Here’s an exchange I was forwarded (on condition of anonymity) that, while being both aggravating and darkly amusing, reminds me how easily non-musician administrators forget that we performers are actually trying to make a living from this kind of work. It’s a job–honest!
With Administrators like These….
I’m chalking up the attitude exhibited by the administrators in this email exchange to ignorance of the actual economic situation of their musician employees. This institution also happens to pay quite a meager per-hour scale to their employees, require unpaid meetings on a regular basis, and do a host of others things that make me think that this is an attitude that is unfortunately ingrained in this particular institution. I’ve changed names and omitted any revealing references (though I’d love to expose the school I’m actually talking about….I’ll be good….). This correspondence, while only bouncing between a few individuals, was also sent to the entire institution’s faculty, which is how I got it….and no, I don’t work at this place! Never have. Also, I couldn’t help editorializing just a bit–my remarks are in italics during the exchange.
Do you have any contractors you work with, music school or otherwise, who ask for “favors” like these? Leave a comment and let us know!
You Play Now!
Administrator: On _______, 2008, [Retail Outfit #1] is celebrating [Random Anniversary]. In honor of this milestone, there will be a concert in the store on _________ from 11:00 AM – 5:00 PM — first floor by the fountain. A grand piano will be available.
[Retail Outfit #1] has invited [Anonymous Music School] faculty members to perform– string ensembles, piano trios, solo piano, singers… etc. This will not include any student performances—it is strictly for professional musicians.
If you have any interest in participating in this community event, please email me so I can give you contact information.
Musician #1: Is there any pay offered to musicians for this event? If not, I would think it would be a disservice to the music profession to have professional musicians provide free entertainment to solely benefit a for-profit business.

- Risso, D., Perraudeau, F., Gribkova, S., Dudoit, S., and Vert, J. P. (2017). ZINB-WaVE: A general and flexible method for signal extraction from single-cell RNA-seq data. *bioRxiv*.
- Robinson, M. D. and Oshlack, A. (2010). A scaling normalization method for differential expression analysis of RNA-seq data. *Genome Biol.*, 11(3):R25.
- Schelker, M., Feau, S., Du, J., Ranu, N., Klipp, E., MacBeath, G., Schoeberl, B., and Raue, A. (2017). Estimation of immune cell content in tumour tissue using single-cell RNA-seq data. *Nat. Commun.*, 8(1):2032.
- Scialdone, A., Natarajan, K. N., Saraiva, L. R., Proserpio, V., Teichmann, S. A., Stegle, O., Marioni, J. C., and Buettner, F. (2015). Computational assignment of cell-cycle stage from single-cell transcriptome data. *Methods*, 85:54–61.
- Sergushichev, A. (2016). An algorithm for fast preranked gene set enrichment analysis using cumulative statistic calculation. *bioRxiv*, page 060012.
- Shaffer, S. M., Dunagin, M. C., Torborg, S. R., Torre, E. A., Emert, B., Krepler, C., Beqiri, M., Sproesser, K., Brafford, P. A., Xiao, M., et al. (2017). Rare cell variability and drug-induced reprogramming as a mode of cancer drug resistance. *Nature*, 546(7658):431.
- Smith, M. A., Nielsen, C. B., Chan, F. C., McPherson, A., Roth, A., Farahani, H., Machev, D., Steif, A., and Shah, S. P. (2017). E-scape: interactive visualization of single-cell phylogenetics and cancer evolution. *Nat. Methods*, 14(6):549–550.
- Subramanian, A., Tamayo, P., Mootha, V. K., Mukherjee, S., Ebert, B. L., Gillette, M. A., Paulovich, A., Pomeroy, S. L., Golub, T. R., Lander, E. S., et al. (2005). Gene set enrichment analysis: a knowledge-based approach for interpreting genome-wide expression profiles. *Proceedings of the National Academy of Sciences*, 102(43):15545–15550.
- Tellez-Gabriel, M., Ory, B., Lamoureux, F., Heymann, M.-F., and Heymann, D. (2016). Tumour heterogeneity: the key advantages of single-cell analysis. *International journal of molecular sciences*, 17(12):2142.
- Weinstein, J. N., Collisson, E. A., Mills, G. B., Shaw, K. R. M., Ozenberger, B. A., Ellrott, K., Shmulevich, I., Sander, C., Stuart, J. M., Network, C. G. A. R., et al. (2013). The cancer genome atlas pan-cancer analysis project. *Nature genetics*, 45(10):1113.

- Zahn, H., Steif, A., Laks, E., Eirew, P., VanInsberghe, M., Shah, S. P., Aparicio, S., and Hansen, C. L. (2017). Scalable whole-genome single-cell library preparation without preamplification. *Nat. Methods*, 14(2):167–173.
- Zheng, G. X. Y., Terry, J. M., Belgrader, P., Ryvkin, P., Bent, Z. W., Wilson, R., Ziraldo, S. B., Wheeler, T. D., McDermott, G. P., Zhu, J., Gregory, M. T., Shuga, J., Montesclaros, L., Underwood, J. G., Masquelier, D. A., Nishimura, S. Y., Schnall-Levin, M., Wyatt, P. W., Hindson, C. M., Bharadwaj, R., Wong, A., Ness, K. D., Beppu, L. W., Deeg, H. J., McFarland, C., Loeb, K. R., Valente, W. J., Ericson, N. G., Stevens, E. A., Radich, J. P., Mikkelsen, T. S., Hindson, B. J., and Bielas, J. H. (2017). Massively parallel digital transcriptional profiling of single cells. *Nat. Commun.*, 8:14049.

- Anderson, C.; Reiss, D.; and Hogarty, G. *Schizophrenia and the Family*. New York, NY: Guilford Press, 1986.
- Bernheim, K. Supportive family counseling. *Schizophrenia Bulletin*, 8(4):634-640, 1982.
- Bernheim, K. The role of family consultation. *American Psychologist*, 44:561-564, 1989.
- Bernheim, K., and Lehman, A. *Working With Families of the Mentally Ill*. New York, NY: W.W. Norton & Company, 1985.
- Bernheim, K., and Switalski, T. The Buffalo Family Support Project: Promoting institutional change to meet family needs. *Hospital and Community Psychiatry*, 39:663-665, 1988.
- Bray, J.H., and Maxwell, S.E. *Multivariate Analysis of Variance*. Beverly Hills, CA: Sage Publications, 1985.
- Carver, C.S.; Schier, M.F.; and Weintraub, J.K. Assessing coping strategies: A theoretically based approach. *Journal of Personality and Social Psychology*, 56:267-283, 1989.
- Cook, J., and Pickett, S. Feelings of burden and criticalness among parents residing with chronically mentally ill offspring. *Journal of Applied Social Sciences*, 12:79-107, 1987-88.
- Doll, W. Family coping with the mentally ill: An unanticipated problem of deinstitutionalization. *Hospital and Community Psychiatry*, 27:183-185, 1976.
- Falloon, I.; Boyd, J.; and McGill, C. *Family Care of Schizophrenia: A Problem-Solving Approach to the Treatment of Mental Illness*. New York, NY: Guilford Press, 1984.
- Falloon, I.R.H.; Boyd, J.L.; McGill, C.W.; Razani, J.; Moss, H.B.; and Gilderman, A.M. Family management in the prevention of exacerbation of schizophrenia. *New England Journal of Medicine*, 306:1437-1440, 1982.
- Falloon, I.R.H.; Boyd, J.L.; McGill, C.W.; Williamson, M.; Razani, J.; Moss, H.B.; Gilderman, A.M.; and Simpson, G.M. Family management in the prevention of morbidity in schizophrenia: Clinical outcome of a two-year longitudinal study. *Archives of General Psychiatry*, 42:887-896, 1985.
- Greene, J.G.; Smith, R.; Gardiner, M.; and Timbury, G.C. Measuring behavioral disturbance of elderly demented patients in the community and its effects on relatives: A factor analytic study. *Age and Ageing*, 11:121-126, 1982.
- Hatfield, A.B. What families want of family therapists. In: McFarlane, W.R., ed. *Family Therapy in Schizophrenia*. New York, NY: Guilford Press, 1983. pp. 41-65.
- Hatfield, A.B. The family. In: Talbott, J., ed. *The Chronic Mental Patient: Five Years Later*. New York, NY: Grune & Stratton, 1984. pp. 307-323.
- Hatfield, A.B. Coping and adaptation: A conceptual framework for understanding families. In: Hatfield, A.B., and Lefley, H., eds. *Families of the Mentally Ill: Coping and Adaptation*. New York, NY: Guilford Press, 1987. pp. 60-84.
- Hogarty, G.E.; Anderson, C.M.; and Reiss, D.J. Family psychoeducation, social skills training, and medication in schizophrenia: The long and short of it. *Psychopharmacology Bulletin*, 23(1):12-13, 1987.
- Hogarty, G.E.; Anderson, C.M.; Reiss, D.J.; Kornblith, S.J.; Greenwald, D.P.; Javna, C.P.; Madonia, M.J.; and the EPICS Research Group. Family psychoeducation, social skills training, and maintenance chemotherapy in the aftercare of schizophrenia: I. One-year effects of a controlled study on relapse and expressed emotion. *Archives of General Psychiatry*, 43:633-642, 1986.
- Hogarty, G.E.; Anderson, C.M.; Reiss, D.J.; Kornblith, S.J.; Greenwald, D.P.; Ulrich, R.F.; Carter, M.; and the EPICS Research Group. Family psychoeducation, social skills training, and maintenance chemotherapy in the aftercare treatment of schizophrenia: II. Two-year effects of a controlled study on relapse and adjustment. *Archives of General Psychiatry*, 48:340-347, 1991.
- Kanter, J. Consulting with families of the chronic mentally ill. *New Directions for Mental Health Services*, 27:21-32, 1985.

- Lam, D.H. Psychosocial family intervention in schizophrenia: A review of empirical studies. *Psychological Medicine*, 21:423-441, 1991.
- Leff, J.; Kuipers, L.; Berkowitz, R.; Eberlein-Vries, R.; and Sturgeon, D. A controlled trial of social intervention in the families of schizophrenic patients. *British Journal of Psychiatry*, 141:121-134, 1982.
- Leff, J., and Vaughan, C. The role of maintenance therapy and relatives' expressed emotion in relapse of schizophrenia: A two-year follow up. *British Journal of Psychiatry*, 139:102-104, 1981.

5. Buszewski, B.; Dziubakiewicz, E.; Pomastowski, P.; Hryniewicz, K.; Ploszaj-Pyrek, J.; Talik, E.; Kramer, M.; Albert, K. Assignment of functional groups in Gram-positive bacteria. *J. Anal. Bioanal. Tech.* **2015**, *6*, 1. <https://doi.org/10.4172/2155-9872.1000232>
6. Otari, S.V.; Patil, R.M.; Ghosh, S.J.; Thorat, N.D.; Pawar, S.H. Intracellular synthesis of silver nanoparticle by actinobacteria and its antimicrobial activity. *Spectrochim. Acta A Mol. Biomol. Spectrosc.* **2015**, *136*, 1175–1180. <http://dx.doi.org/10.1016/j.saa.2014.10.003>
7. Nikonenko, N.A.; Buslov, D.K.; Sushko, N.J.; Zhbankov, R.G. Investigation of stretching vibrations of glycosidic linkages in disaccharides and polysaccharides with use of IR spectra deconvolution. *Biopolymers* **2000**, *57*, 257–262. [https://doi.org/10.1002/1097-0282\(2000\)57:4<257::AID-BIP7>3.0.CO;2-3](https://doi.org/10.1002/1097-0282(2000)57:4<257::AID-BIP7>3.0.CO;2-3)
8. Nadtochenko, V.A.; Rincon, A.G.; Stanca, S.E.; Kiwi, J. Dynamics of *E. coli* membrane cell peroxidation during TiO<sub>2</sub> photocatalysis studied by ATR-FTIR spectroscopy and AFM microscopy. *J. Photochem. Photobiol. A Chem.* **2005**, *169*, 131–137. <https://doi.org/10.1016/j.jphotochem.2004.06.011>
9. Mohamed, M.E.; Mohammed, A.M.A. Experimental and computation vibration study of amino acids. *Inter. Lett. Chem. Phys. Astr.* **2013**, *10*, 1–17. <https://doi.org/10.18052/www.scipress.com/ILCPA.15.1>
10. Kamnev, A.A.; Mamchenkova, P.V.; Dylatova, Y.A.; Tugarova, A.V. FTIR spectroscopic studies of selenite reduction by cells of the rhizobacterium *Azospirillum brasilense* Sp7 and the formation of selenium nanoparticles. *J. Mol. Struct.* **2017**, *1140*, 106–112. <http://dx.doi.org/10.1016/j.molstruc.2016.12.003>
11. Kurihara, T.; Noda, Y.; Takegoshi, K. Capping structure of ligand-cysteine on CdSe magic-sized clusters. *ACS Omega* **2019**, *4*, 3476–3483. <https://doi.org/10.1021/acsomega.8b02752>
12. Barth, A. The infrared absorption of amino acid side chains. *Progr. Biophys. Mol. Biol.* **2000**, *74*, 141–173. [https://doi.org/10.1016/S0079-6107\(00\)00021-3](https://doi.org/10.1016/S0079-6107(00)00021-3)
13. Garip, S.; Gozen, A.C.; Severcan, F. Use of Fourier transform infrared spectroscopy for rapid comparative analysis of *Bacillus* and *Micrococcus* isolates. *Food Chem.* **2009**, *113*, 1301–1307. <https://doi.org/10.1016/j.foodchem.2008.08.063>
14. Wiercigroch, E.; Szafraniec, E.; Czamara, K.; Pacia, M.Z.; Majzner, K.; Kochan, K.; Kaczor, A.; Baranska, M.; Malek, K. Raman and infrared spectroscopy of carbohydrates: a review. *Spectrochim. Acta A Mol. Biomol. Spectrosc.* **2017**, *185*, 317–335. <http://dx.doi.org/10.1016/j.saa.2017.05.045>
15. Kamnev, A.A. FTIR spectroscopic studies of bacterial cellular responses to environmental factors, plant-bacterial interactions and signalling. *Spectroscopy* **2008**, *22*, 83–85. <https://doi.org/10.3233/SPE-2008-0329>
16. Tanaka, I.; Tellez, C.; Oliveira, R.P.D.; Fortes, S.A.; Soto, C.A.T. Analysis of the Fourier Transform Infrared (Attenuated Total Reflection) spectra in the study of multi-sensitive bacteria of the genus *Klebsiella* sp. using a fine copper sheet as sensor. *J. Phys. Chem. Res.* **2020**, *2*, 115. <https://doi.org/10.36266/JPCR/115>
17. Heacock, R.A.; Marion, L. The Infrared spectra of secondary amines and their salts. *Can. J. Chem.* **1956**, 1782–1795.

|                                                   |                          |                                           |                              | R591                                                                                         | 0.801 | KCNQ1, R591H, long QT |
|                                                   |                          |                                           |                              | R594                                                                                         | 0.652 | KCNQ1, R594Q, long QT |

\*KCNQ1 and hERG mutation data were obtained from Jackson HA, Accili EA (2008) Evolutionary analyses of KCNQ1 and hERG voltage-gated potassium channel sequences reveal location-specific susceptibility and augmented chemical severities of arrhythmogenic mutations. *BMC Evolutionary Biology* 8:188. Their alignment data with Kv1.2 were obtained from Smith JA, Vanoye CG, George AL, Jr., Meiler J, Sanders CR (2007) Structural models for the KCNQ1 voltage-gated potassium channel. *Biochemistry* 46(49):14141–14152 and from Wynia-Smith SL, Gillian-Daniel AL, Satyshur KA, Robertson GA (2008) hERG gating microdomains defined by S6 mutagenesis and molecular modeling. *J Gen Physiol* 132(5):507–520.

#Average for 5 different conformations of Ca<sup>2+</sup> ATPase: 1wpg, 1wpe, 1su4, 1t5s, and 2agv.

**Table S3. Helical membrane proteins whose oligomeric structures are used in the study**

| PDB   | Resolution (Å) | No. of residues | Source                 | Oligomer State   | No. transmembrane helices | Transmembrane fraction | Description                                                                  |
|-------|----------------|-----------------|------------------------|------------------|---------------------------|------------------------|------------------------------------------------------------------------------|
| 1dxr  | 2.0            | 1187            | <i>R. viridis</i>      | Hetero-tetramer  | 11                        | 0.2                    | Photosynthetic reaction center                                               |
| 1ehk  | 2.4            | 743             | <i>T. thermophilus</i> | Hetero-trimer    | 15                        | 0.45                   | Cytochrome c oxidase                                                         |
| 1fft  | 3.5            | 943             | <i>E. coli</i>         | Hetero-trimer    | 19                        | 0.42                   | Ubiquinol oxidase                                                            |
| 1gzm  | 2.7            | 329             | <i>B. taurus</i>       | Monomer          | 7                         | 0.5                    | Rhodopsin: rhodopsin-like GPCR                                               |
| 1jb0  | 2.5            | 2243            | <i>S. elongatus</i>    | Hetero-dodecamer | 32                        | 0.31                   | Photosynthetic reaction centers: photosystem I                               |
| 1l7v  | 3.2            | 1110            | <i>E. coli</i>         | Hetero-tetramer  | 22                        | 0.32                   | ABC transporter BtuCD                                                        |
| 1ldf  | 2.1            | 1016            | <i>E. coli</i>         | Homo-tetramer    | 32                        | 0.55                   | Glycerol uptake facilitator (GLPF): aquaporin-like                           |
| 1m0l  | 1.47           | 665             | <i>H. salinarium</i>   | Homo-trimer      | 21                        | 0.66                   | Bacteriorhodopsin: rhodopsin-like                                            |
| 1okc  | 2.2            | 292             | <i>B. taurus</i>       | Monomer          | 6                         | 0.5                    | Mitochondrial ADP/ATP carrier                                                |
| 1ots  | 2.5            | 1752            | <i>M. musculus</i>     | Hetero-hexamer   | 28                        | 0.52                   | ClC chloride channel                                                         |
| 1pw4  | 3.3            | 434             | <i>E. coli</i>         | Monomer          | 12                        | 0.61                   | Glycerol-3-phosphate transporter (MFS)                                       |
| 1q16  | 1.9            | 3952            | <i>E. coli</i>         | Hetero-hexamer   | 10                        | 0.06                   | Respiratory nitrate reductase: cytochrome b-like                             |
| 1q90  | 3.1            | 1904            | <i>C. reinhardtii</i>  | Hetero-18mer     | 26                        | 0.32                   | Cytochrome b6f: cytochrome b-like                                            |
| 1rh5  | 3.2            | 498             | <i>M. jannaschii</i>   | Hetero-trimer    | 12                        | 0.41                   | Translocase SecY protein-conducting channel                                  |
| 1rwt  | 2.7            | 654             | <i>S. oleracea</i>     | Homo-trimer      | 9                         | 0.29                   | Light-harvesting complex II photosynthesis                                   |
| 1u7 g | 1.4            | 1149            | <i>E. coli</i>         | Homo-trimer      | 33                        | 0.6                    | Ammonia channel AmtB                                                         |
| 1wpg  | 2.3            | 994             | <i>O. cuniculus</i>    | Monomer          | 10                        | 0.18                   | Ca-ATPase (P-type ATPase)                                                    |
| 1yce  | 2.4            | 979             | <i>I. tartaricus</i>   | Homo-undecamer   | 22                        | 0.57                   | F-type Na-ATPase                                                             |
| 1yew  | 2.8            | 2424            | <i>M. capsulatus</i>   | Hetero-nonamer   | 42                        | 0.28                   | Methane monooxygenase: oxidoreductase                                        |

Note the “crafty dodge” employed in the response–a classic administrative deflection tactic intended to befuddle the poor helpless simpleton musician mind:
Administrator: Dear [Musician #1],
As I have told all of the musicians who have expressed interest in this event, you will need to contact [Random Administrator #2] to find out about compensation. She never mentioned any type of stipend to me, and as I stated in my email, it is a community service event for the patrons of the store.
While the event does benefit [Retail Store #1], the excellent visibility helps create greater awareness of our faculty and of [Anonymous Music School] for those same patrons. Hopefully, that awareness translates into inquiries and future registrations. While I agree with you that compensation seems appropriate, I am sure [Retail Store #1] sees it as a way for musicians to serve the community, while promoting their talent and their school. I suspect she invited other community music school faculty too.
[Musician #1], please contact [Random Administrator #2] to get more information about the event. Thanks.
What’s that? It’ll create “excellent visibility” for the institution? Yippee! So do concerts…and I get paid for those. “Serving the community,” you say? Are the caterers volunteering their services? How about the security guards? The store employees working late?
Pay up, cheapskates. By neither securing payment from the store or offering up some compensation yourselves, you’re sending a message: our faculty have nothing better to do than to drive to downtown Chicago and play for free, with some possible…exposure? For what–some more random young students at this music school, which, by the way (this is lovely!), takes OVER 50% of what parents pay the school for lessons as “administrative costs.”